Genetic enhancement can not be a bad thingFriday, 10 October, 2008
In discussing whether designer babies, human genetic engineering or even cybernetic enhancements should be allowed, the arguments can fairly well be divided into those arguing that the end results would be good/ bad, or those arguing that the methods used are moral/immoral.
The argument that human genetic enhancement will be expensive and therefore lead to a class-divide between the wealthy and the poor is perhaps the most commonly encountered ends-based argument. The issue with such an argument is that human genetic enhancement is not the only means by which such a divide could occur. Other enhancements, such as expensive schooling/tuition or higher-speed internet are similarly able to lead to such a divide, as those with these enhancements use their advantage to garner even more enhancements for themselves and their children. Therefore, such an ends-based argument against genetic enhancement, while not necessarily incorrect (if we accept that a class divide is a bad consequence), is inconsistent with other more accepted forms of enhancement.
In fact, the inconsistency runs deeper. Education, exercise, vaccination and other forms of enhancement are often considered to lead to very good results. Therefore, society encourages them, in some cases to the point of making them compulsory. If one is only looking at the results, genetic enhancement seems to promise even better enhancement of intelligence, health and happiness. It is hard to imagine why method of enhancing ourselves that involve schooling or training would be encouraged and yet biotechnological methods would be strictly prohibited.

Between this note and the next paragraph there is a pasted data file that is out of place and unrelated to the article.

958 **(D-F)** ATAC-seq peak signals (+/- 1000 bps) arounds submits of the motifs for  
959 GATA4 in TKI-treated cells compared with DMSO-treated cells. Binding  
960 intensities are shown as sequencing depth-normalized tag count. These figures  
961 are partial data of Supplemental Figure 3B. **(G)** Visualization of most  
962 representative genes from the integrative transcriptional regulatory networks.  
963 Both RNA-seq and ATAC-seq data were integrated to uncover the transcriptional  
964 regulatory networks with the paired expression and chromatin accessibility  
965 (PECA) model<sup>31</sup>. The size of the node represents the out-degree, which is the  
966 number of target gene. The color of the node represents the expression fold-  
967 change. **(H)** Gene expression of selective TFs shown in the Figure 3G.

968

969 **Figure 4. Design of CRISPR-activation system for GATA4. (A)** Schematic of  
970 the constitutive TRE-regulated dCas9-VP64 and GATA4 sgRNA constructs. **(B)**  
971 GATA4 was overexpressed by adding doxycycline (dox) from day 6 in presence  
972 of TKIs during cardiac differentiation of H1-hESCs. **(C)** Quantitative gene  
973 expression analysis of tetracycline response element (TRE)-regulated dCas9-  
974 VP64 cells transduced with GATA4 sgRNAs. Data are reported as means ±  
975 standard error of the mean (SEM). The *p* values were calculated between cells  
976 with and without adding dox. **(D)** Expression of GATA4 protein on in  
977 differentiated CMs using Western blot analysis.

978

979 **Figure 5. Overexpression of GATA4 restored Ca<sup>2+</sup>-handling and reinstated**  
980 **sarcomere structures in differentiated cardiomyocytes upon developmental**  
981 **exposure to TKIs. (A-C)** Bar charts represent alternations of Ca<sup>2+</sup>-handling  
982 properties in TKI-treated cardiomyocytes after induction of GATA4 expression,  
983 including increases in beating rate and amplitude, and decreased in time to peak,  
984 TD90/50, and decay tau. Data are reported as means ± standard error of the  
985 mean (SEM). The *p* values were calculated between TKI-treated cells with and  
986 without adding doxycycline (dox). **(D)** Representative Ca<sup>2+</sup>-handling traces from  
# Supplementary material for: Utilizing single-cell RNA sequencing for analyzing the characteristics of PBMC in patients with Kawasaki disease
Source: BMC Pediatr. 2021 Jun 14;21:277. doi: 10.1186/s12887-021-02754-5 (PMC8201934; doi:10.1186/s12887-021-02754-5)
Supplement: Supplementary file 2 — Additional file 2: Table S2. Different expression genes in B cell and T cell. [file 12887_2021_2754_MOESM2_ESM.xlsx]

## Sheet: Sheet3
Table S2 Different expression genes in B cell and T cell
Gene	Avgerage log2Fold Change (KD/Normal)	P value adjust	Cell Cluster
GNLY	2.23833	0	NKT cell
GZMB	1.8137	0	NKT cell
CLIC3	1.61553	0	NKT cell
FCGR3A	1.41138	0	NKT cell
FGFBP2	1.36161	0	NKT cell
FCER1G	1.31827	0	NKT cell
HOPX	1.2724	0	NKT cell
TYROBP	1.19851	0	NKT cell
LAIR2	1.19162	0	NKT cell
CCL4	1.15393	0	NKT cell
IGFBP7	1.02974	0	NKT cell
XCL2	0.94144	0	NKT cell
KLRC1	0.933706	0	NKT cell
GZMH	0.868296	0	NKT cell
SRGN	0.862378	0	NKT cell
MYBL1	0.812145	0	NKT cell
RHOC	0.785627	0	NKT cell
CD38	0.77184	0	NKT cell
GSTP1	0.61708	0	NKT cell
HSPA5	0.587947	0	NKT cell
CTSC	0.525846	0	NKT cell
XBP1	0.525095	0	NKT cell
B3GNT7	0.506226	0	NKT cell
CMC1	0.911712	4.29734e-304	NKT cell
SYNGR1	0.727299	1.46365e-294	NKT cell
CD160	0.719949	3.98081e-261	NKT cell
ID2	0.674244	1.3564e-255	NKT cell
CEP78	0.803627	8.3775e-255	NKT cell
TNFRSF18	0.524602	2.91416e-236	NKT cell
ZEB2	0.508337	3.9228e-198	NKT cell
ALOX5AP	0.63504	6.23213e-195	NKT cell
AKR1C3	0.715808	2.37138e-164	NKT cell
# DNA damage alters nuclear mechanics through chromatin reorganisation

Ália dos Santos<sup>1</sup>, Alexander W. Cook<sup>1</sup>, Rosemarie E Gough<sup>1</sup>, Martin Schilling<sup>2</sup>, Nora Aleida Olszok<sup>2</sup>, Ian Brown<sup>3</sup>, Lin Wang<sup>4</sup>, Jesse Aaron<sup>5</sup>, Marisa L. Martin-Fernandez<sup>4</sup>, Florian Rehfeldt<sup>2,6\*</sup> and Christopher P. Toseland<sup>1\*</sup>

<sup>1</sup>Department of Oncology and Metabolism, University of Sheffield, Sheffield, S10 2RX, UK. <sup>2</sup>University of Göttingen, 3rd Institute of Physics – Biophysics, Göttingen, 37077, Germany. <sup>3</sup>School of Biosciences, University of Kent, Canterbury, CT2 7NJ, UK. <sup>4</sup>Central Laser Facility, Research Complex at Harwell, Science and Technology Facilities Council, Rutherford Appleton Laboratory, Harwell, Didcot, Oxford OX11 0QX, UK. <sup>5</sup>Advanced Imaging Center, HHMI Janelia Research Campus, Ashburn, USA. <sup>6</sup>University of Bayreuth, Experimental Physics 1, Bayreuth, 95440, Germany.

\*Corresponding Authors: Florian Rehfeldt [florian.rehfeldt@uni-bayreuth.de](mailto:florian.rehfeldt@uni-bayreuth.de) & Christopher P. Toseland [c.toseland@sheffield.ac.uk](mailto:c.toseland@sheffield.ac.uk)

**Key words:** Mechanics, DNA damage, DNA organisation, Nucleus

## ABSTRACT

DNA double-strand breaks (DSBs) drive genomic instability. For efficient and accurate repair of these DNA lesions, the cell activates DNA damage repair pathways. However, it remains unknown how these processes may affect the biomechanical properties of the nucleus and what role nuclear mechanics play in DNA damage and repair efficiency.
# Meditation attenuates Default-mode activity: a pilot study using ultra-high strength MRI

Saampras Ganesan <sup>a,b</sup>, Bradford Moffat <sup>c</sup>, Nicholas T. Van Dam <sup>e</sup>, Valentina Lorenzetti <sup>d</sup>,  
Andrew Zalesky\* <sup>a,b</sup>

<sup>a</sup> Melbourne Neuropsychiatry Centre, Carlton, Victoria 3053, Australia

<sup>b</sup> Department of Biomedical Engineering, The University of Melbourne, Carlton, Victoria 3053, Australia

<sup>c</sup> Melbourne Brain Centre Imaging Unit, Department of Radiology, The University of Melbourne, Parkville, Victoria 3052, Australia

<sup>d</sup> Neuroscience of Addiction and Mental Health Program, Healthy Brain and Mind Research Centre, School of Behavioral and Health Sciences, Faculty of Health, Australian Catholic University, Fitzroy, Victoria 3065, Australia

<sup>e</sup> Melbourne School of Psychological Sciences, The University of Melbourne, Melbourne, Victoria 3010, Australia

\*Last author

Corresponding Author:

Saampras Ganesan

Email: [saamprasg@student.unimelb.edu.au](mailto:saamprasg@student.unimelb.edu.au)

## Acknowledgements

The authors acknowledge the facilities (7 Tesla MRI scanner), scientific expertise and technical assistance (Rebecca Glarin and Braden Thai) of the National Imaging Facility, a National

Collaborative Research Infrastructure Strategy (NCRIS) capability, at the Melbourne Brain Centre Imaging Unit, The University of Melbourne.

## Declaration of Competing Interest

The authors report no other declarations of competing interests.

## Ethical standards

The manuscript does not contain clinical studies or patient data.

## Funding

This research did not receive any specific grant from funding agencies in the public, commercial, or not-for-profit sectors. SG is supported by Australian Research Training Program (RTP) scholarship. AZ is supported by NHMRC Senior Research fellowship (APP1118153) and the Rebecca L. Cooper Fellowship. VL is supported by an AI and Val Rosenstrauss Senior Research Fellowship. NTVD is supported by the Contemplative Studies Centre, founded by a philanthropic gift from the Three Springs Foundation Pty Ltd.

When such inconsistencies are pointed out to those making such an argument, the usual response is that fiddling around with genes is incomparable to schooling or training, as direct modification of our bodies is an entirely different class of enhancement. This effectively turns the argument into a means-based one, as it argues that genetic enhancement is bad because it involves genetic modification of human beings, commodification of human life, insufficient respect for human dignity etc etc. Those arguments don’t suffer from the inconsistency of the ends-based arguments, and therefore are worthy of further investigation.
I’m a utilitarian, however, and therefore I think that the wrongness or rightness of any given means can only be determined by looking at the ends produced. That is, the ends can justify the means. Genetic enhancement, as I said above, seems to be just as good as schooling or exercise or any other form of enhancement. I’d encourage everyone to educate themselves, and I think education is a good thing, and therefore I think genetic enhancement is similarly a good thing.